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Strepsirrhine Primate Training Programs in North American Institutions: Status and Implications for Future Welfare Assessment

By G. Fernández-Lázaro, M. H. Dye, C. Eddie, G. M. Ferrie

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Many articles have shown the benefits of operant conditioning training techniques in the care and welfare of several species of nonhuman primates; however, the information regarding their use in strepsirrhine species is scarce. We assessed the development and current status of training programs with these species in North American institutions. An online survey was distributed through members of the Association of Zoos and Aquariums using a multiple-choice format. We collected information related to training program details; animals, behaviors, and techniques; the evaluation process; and the impact of training. Seventy-one organizations completed the survey, with the results showing that 97% of respondents trained their strepsirrhines with the main objective of husbandry and veterinary care (around 80%). Sixty-eight percent of organizations did not report any risk in training these species. The benefits reported include increases in positive human-animal interactions (97%), psychological well-being (88%), and staff awareness of animal behaviors (90%). However, a multi-dimensional approach to measure the efficacy of training could provide a deeper understanding of its impact on the welfare of strepsirrhine primates. We hope that the data offered in this survey can help in this future assessment.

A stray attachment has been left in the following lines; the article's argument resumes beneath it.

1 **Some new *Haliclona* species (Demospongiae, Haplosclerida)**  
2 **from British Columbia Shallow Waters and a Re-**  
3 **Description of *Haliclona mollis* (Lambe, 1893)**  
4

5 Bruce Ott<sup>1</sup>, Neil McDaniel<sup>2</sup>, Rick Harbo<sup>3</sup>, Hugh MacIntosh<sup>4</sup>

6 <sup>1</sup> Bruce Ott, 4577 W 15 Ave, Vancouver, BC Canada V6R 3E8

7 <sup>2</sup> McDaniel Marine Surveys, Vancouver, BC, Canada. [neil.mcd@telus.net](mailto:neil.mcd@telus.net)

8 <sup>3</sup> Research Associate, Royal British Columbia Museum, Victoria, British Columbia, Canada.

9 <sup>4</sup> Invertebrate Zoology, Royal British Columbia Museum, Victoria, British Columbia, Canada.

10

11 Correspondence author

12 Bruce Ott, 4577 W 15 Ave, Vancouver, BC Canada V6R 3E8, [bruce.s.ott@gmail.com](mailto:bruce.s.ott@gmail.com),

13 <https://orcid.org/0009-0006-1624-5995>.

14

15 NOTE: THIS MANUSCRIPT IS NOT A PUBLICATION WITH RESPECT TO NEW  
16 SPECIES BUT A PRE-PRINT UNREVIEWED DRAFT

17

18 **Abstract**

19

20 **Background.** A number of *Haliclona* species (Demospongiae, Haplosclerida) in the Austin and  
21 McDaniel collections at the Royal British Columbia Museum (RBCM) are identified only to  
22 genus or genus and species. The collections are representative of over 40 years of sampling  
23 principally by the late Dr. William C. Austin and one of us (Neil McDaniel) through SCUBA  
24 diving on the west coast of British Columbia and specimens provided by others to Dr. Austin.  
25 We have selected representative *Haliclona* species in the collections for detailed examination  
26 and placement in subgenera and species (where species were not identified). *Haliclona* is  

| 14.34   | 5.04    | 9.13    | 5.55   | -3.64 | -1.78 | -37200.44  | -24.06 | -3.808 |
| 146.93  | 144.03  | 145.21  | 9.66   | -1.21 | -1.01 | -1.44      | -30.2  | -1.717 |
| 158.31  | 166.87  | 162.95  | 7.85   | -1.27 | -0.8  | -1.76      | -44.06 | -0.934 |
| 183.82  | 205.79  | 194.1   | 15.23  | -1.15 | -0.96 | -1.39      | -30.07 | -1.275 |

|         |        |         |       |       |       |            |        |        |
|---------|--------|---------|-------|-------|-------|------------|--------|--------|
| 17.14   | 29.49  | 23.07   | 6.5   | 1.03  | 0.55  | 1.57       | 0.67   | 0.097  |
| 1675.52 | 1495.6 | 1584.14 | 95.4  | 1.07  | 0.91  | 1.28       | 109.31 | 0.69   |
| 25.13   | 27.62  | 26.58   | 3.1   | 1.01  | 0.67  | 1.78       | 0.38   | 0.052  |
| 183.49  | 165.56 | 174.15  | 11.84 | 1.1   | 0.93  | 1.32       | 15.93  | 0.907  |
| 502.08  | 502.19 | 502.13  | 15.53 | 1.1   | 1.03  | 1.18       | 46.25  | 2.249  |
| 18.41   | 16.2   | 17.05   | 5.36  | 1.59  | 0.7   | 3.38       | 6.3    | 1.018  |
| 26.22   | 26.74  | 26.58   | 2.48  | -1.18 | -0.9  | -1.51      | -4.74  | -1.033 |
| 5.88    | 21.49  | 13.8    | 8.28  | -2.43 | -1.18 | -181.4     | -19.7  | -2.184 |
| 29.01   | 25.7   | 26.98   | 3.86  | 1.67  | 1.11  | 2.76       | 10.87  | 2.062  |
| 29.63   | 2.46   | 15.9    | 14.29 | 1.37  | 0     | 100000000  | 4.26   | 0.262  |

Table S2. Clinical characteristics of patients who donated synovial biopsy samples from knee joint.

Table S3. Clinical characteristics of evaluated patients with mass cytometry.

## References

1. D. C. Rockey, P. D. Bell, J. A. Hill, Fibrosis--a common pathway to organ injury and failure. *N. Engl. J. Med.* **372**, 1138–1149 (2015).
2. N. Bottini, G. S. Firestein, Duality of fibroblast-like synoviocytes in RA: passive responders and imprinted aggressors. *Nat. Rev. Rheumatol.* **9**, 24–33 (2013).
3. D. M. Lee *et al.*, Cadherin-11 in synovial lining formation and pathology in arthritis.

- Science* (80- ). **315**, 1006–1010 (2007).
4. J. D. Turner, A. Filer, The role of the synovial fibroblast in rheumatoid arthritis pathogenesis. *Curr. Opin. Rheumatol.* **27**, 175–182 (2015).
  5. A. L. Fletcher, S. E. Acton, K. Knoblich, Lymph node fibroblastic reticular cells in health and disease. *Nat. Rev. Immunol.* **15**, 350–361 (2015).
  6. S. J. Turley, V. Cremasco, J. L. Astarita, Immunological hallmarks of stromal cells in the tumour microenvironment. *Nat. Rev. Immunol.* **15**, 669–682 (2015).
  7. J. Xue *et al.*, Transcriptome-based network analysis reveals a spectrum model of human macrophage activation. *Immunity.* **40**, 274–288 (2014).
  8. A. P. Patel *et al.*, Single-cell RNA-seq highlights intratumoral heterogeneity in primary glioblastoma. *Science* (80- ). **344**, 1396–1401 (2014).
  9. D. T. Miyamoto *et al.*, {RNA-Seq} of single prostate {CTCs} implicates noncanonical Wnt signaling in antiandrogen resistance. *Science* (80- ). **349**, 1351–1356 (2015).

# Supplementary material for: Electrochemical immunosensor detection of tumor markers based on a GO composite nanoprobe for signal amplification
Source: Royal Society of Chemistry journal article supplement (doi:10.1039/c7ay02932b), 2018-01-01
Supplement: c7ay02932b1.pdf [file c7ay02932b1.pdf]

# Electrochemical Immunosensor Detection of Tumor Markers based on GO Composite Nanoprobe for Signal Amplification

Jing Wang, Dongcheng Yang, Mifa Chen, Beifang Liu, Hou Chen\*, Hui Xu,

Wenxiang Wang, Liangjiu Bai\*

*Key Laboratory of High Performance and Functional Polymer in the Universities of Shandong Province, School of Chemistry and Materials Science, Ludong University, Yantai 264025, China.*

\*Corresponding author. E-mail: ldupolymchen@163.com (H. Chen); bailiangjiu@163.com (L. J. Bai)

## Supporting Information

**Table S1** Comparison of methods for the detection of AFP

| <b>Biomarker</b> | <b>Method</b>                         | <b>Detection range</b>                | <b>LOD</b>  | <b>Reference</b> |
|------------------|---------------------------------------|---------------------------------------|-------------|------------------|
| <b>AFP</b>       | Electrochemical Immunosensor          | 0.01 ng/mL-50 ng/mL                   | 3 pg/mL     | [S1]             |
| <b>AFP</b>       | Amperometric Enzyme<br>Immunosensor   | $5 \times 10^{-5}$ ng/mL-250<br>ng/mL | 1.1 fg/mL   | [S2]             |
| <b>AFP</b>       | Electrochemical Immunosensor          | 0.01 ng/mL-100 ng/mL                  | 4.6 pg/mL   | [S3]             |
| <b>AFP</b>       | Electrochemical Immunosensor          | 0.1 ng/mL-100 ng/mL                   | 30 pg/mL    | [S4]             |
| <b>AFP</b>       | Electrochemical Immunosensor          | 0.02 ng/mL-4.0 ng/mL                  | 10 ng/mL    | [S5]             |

Date 2021
Publication Title Animals (Basel)
Volume 11
Issue 8
ISBN/ISSN 2076-2615 (Print)2076-2615
DOI 10.3390/ani11082462
Author Address Animal Welfare Research Group and Friends of Thoreau Program, Franklin Institute, University of Alcalá, Alcalá de Henares, 28801 Madrid, Spain.Didactic Department of Experimental, Social and Mathematical Science, Faculty of Education, Complutense University of Madrid, 28040 Madrid, Spain.Duke Lemur Center, Duke University, Durham, NC 27708, USA.Omaha's Henry Doorly Zoo & Aquarium, Omaha, NE 68107, USA.Disney's Animals, Science and Environment, Lake Buena Vista, FL 32830, USA.
Additional Language English
Cite this work

Researchers should cite this work as follows:

  1. Animal welfare
  2. Conflict
  3. Lemurs
  4. open access
  5. operant conditioning
  6. Primates
  7. training
  1. open access